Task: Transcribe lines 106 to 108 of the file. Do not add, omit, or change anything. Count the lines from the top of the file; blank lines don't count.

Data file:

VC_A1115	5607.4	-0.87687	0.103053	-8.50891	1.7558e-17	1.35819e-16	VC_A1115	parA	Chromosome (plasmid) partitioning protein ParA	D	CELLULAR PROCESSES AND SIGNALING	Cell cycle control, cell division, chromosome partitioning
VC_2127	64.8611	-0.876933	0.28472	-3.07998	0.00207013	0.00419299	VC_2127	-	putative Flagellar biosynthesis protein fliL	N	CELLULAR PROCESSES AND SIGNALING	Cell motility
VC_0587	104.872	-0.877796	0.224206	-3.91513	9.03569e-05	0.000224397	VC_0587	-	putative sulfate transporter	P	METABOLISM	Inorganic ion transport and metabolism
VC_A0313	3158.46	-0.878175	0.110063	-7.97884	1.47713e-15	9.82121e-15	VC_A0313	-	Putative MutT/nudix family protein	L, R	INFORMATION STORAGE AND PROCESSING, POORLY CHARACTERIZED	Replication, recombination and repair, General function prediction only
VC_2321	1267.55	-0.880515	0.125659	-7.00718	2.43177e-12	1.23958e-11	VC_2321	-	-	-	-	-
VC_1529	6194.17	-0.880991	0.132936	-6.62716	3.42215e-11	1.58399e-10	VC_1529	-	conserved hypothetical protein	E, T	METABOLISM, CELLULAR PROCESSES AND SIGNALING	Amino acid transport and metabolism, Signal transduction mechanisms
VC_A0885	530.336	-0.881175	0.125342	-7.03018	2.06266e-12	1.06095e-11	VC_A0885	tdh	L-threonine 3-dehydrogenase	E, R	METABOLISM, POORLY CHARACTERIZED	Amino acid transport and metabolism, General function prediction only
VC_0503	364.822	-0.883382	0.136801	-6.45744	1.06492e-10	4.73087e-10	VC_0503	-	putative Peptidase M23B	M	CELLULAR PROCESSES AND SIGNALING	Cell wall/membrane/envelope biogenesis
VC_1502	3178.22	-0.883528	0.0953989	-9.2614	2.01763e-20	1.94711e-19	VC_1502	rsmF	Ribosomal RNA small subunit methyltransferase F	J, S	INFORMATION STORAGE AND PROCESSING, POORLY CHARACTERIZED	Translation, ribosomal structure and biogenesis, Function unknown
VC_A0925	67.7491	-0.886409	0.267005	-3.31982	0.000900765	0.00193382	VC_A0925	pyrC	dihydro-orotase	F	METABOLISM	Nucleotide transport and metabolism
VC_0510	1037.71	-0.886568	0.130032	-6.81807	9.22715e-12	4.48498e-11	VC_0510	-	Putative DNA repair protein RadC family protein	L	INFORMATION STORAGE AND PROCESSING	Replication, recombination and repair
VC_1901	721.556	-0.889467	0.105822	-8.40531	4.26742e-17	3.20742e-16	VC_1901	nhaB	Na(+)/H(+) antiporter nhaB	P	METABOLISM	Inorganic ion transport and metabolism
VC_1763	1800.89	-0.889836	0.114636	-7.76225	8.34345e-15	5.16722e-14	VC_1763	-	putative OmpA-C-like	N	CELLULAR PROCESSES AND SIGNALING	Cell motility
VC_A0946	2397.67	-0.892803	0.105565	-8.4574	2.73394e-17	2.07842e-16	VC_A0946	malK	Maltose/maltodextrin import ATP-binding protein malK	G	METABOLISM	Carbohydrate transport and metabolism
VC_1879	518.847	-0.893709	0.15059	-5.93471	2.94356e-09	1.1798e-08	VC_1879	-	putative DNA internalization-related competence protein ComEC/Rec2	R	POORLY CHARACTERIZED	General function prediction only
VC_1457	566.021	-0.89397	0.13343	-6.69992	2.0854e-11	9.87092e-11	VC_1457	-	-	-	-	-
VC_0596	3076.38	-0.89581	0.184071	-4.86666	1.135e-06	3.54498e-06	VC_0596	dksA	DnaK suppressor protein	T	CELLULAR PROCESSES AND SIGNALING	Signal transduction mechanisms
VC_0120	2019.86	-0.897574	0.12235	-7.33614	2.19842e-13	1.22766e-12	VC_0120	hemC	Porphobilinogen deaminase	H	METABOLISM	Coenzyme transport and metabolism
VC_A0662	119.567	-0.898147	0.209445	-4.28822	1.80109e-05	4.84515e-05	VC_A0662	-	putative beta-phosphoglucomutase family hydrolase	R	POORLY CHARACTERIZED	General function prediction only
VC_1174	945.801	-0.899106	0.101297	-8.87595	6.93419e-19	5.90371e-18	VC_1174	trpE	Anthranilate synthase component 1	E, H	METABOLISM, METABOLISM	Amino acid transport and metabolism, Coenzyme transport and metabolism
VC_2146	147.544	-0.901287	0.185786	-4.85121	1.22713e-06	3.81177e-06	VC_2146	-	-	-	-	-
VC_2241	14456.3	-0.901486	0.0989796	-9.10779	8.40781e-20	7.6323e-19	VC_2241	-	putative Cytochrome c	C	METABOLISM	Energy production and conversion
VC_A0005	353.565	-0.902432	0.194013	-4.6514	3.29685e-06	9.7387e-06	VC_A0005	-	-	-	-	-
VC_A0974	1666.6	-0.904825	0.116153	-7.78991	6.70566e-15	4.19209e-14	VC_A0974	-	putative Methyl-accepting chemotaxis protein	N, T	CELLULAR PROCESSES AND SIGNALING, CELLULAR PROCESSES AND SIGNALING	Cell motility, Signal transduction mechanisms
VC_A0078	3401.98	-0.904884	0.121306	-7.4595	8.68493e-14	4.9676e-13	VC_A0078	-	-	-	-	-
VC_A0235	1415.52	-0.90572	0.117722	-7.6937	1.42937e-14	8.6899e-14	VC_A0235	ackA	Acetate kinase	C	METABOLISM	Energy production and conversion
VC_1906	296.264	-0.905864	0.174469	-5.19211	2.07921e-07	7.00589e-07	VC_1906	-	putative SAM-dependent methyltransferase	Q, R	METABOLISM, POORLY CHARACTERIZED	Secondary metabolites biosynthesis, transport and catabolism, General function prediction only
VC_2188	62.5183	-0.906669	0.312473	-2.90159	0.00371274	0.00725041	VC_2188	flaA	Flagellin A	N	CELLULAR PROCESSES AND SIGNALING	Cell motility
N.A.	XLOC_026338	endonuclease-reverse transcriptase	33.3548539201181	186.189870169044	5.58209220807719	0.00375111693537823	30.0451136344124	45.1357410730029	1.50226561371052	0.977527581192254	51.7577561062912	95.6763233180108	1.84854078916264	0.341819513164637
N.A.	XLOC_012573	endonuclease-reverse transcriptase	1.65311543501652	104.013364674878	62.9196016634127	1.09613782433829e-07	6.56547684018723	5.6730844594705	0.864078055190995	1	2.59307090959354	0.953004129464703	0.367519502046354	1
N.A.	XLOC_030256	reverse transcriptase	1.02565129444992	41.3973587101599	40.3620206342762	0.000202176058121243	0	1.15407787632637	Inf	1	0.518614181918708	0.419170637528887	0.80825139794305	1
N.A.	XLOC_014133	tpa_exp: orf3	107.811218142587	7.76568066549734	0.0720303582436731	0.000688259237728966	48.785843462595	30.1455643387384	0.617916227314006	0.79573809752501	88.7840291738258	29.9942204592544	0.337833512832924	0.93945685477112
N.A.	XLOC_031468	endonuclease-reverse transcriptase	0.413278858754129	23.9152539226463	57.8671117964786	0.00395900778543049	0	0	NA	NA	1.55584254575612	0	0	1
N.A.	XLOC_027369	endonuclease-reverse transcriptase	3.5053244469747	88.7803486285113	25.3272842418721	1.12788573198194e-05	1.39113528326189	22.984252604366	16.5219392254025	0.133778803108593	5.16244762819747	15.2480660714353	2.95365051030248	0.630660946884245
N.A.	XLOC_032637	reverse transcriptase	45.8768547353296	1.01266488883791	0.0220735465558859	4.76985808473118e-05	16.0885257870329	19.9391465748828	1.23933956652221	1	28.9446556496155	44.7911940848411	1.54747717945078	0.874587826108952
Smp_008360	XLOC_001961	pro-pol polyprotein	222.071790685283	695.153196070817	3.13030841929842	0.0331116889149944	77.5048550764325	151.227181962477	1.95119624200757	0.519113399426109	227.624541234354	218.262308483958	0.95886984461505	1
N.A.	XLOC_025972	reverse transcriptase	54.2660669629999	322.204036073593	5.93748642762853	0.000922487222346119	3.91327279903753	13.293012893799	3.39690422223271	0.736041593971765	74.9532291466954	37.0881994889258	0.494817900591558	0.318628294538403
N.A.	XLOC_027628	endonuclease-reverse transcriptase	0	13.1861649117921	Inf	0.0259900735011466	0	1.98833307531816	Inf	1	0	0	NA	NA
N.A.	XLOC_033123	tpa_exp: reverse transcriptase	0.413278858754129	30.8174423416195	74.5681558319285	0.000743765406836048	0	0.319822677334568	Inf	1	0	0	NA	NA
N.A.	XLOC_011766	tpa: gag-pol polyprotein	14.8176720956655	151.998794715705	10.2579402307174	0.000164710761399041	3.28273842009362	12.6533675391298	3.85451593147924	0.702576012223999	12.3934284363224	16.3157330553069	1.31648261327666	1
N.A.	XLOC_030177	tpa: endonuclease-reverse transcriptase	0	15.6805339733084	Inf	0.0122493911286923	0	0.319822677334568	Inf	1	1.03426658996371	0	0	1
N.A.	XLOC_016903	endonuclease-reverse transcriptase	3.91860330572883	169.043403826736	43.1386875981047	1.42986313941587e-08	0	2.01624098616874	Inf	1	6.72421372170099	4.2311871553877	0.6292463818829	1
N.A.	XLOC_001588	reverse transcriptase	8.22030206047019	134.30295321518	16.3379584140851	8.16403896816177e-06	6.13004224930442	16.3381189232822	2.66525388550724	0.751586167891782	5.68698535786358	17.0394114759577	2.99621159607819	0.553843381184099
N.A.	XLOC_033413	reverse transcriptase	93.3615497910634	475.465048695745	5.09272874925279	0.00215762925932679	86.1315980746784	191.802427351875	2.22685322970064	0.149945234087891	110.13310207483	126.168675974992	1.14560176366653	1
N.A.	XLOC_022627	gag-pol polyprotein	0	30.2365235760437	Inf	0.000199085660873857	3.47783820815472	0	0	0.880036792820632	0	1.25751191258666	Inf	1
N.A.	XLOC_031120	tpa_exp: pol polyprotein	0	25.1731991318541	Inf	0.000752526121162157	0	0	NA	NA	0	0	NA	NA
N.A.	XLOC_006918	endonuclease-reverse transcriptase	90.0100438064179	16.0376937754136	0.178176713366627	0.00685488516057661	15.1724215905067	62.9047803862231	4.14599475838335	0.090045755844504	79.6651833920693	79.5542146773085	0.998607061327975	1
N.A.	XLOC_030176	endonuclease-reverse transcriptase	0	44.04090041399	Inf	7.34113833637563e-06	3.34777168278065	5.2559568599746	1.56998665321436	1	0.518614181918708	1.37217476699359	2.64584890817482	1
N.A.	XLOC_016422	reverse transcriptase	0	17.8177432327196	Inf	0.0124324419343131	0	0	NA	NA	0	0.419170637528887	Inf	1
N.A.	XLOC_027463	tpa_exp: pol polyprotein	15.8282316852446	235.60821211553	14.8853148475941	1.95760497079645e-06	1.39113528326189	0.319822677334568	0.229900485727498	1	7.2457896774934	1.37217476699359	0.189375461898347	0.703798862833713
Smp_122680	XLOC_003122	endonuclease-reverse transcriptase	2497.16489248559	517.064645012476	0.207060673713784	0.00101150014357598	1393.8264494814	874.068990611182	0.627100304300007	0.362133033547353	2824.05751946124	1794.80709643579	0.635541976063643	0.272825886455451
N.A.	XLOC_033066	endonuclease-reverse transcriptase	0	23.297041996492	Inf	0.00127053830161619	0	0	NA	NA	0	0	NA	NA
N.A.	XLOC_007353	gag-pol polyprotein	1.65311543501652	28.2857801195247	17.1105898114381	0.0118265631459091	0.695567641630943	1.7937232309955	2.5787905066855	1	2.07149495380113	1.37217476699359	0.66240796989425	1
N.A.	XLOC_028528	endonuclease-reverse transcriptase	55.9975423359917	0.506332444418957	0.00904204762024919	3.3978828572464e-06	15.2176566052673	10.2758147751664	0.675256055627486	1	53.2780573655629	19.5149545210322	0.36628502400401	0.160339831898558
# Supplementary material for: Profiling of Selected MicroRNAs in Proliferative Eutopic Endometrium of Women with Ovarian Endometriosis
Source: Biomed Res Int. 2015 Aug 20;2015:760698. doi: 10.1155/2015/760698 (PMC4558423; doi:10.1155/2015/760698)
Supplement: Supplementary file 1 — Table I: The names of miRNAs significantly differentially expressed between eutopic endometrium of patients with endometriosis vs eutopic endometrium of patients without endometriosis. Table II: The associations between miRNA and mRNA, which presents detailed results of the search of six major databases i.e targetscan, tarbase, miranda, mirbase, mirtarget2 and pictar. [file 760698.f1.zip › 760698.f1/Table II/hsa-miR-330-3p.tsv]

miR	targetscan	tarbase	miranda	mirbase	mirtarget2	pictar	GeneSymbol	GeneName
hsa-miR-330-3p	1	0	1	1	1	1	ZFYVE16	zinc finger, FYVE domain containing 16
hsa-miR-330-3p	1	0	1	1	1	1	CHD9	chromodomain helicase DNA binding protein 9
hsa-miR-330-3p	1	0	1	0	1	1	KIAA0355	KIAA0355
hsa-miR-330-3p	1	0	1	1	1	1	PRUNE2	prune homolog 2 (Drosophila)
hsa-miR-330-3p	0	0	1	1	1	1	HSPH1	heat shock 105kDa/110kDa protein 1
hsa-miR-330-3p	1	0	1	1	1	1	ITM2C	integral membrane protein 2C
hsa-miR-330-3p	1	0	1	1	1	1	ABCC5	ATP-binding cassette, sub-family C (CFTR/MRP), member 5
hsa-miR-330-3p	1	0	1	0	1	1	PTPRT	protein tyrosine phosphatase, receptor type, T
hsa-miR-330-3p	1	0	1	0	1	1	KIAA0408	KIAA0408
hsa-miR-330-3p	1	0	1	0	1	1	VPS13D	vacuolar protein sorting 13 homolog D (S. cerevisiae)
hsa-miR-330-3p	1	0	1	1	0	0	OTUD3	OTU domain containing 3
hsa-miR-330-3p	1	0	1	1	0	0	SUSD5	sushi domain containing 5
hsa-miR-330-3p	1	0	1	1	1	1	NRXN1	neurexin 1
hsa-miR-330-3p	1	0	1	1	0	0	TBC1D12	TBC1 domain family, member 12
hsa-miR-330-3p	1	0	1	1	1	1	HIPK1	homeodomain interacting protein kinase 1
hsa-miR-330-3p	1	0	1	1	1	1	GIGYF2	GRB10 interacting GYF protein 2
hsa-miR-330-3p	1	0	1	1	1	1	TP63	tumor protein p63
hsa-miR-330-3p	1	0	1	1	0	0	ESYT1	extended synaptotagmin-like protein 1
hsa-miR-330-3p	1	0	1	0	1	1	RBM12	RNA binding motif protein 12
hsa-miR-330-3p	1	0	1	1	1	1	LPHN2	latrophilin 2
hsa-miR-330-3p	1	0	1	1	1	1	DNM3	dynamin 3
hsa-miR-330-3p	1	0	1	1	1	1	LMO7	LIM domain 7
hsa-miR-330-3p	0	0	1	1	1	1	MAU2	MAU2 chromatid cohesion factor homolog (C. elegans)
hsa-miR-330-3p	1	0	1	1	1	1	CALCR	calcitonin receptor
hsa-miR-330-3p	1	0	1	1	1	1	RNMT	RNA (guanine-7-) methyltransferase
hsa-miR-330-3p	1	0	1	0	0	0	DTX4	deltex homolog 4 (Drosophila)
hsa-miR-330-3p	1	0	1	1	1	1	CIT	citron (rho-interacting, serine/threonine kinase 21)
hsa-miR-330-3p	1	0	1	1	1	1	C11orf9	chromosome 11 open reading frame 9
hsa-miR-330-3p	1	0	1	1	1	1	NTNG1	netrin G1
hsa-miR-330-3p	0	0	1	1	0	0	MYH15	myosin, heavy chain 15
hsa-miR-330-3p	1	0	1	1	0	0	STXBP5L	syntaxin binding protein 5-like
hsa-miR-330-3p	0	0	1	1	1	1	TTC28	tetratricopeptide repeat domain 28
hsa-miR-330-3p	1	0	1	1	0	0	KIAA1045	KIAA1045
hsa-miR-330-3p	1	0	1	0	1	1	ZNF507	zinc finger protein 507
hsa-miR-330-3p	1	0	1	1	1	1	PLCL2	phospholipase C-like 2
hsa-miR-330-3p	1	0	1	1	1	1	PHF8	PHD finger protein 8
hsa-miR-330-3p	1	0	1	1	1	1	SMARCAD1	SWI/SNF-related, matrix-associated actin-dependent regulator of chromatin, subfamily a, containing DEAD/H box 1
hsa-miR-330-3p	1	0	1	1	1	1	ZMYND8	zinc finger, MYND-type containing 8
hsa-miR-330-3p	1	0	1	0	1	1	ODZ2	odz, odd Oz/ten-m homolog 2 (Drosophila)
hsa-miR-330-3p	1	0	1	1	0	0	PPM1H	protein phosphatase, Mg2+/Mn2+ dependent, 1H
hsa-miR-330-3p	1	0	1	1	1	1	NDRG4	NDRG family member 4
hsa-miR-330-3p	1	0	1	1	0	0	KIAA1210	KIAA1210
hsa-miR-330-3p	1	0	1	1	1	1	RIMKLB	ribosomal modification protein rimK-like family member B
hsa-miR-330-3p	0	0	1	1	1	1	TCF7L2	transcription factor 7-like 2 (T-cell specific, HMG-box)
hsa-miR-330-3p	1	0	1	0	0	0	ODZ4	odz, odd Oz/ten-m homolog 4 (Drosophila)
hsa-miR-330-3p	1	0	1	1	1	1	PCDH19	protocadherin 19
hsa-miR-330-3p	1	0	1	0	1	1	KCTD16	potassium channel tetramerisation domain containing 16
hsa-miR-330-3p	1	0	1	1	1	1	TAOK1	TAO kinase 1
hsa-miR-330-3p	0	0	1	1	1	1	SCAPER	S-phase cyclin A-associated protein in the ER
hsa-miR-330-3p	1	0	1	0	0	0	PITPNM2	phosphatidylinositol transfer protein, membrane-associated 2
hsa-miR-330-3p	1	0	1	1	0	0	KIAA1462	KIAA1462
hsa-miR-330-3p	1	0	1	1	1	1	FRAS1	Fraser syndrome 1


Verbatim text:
hsa-miR-330-3p	1	0	1	1	1	1	TAOK1	TAO kinase 1
hsa-miR-330-3p	0	0	1	1	1	1	SCAPER	S-phase cyclin A-associated protein in the ER
hsa-miR-330-3p	1	0	1	0	0	0	PITPNM2	phosphatidylinositol transfer protein, membrane-associated 2